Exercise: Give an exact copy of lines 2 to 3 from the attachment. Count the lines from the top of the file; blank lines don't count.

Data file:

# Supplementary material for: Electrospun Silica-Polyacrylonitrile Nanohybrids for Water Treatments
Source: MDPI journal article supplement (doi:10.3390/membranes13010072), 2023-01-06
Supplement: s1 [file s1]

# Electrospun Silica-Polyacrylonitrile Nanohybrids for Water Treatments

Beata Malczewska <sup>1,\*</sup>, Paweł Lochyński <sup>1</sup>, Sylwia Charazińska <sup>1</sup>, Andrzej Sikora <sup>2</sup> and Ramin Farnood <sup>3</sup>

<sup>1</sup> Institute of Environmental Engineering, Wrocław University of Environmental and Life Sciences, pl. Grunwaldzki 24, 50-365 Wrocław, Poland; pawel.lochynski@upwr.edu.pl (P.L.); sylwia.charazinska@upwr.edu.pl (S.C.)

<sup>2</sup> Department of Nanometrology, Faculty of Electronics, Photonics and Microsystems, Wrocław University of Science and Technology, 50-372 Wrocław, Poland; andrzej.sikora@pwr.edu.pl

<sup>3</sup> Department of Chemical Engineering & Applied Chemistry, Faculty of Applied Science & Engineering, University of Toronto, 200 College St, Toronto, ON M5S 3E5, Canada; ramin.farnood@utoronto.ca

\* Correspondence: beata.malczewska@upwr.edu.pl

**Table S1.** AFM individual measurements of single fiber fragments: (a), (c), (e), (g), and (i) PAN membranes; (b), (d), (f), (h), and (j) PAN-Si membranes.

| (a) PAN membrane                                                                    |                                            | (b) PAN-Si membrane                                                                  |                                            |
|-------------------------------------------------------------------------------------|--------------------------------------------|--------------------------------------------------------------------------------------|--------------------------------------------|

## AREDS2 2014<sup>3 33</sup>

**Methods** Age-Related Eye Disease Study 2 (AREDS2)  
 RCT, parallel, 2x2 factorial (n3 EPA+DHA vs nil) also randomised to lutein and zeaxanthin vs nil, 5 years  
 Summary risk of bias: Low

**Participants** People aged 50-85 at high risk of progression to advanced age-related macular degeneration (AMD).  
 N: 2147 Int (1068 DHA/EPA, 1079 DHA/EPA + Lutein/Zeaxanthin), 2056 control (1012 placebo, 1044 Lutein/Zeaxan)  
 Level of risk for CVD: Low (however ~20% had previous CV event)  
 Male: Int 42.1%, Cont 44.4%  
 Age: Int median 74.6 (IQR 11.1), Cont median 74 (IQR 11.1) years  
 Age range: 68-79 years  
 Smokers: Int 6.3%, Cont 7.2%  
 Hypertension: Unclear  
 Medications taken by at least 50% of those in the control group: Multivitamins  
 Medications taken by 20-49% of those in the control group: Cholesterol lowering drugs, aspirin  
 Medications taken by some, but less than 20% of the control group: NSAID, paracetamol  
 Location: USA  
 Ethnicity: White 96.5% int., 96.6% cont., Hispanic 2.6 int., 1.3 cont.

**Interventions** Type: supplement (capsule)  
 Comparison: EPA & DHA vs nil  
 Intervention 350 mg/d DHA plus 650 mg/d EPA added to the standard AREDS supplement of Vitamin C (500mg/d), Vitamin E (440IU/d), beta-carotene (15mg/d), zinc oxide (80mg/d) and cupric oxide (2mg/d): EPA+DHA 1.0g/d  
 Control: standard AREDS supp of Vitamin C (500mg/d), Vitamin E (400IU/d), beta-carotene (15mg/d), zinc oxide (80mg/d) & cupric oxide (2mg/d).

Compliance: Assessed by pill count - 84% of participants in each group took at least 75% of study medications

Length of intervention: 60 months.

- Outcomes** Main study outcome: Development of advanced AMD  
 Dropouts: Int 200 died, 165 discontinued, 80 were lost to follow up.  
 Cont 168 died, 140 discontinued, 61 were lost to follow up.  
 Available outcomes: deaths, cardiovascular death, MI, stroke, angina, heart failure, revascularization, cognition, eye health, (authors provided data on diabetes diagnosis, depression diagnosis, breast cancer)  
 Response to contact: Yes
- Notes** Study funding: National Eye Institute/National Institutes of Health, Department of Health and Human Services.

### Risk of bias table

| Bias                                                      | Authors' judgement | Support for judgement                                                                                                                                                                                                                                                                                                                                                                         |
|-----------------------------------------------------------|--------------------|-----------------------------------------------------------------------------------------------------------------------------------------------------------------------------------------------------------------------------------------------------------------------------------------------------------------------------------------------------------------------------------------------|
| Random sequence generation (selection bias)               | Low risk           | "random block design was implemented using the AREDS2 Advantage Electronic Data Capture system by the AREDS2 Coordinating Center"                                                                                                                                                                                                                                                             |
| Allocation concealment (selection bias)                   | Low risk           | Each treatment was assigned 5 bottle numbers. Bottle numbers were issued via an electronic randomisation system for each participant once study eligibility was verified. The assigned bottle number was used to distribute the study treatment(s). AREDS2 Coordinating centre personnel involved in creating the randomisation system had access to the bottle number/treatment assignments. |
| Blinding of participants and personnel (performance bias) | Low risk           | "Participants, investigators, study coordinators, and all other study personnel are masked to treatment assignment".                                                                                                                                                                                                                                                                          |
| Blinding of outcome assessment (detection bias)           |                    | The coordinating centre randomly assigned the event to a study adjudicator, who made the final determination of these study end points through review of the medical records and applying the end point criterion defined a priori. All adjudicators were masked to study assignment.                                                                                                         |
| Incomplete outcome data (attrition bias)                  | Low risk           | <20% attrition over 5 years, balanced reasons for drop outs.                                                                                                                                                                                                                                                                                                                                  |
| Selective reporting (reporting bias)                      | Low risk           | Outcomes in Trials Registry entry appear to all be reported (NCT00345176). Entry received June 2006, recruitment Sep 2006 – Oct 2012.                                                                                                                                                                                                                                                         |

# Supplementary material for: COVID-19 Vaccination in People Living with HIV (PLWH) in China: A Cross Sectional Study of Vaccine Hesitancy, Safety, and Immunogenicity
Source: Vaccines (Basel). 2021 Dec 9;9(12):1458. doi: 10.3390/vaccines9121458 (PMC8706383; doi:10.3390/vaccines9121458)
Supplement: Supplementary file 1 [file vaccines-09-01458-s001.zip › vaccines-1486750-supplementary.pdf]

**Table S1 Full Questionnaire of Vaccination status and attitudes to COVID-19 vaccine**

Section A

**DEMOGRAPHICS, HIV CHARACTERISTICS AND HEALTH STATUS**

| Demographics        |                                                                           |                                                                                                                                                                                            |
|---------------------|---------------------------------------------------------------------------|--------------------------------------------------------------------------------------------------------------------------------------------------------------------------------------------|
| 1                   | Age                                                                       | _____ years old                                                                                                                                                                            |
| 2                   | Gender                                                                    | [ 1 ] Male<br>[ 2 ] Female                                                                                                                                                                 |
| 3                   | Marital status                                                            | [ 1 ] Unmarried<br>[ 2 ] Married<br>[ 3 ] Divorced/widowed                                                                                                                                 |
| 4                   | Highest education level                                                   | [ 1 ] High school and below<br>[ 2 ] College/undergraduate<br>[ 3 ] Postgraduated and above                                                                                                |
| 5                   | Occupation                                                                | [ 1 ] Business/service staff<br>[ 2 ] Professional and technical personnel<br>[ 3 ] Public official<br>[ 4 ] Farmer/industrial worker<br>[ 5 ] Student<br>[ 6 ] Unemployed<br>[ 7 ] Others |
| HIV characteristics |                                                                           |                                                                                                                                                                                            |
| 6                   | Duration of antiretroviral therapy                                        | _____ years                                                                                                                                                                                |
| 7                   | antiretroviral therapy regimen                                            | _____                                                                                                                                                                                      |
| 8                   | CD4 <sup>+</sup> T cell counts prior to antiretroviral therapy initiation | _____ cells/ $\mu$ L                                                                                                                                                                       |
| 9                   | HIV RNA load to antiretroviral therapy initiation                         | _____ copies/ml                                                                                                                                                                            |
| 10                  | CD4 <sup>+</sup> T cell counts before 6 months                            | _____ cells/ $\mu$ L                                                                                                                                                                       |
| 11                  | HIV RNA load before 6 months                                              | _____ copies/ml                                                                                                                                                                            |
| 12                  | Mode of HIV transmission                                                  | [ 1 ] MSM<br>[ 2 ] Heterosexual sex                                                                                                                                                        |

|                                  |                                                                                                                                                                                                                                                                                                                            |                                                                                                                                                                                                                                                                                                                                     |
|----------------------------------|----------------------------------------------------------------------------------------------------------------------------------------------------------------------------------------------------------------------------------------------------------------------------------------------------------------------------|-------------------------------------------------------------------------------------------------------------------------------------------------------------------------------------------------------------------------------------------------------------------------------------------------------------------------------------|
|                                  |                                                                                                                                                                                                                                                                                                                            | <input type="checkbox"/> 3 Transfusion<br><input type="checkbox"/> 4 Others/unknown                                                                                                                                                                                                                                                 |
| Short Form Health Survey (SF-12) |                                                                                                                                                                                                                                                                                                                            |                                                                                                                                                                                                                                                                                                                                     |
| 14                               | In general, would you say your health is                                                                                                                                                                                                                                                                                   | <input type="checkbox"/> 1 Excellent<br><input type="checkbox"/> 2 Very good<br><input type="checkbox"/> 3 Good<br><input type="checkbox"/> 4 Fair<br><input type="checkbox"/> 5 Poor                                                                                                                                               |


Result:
Source: MDPI journal article supplement (doi:10.3390/membranes13010072), 2023-01-06
Supplement: s1 [file s1]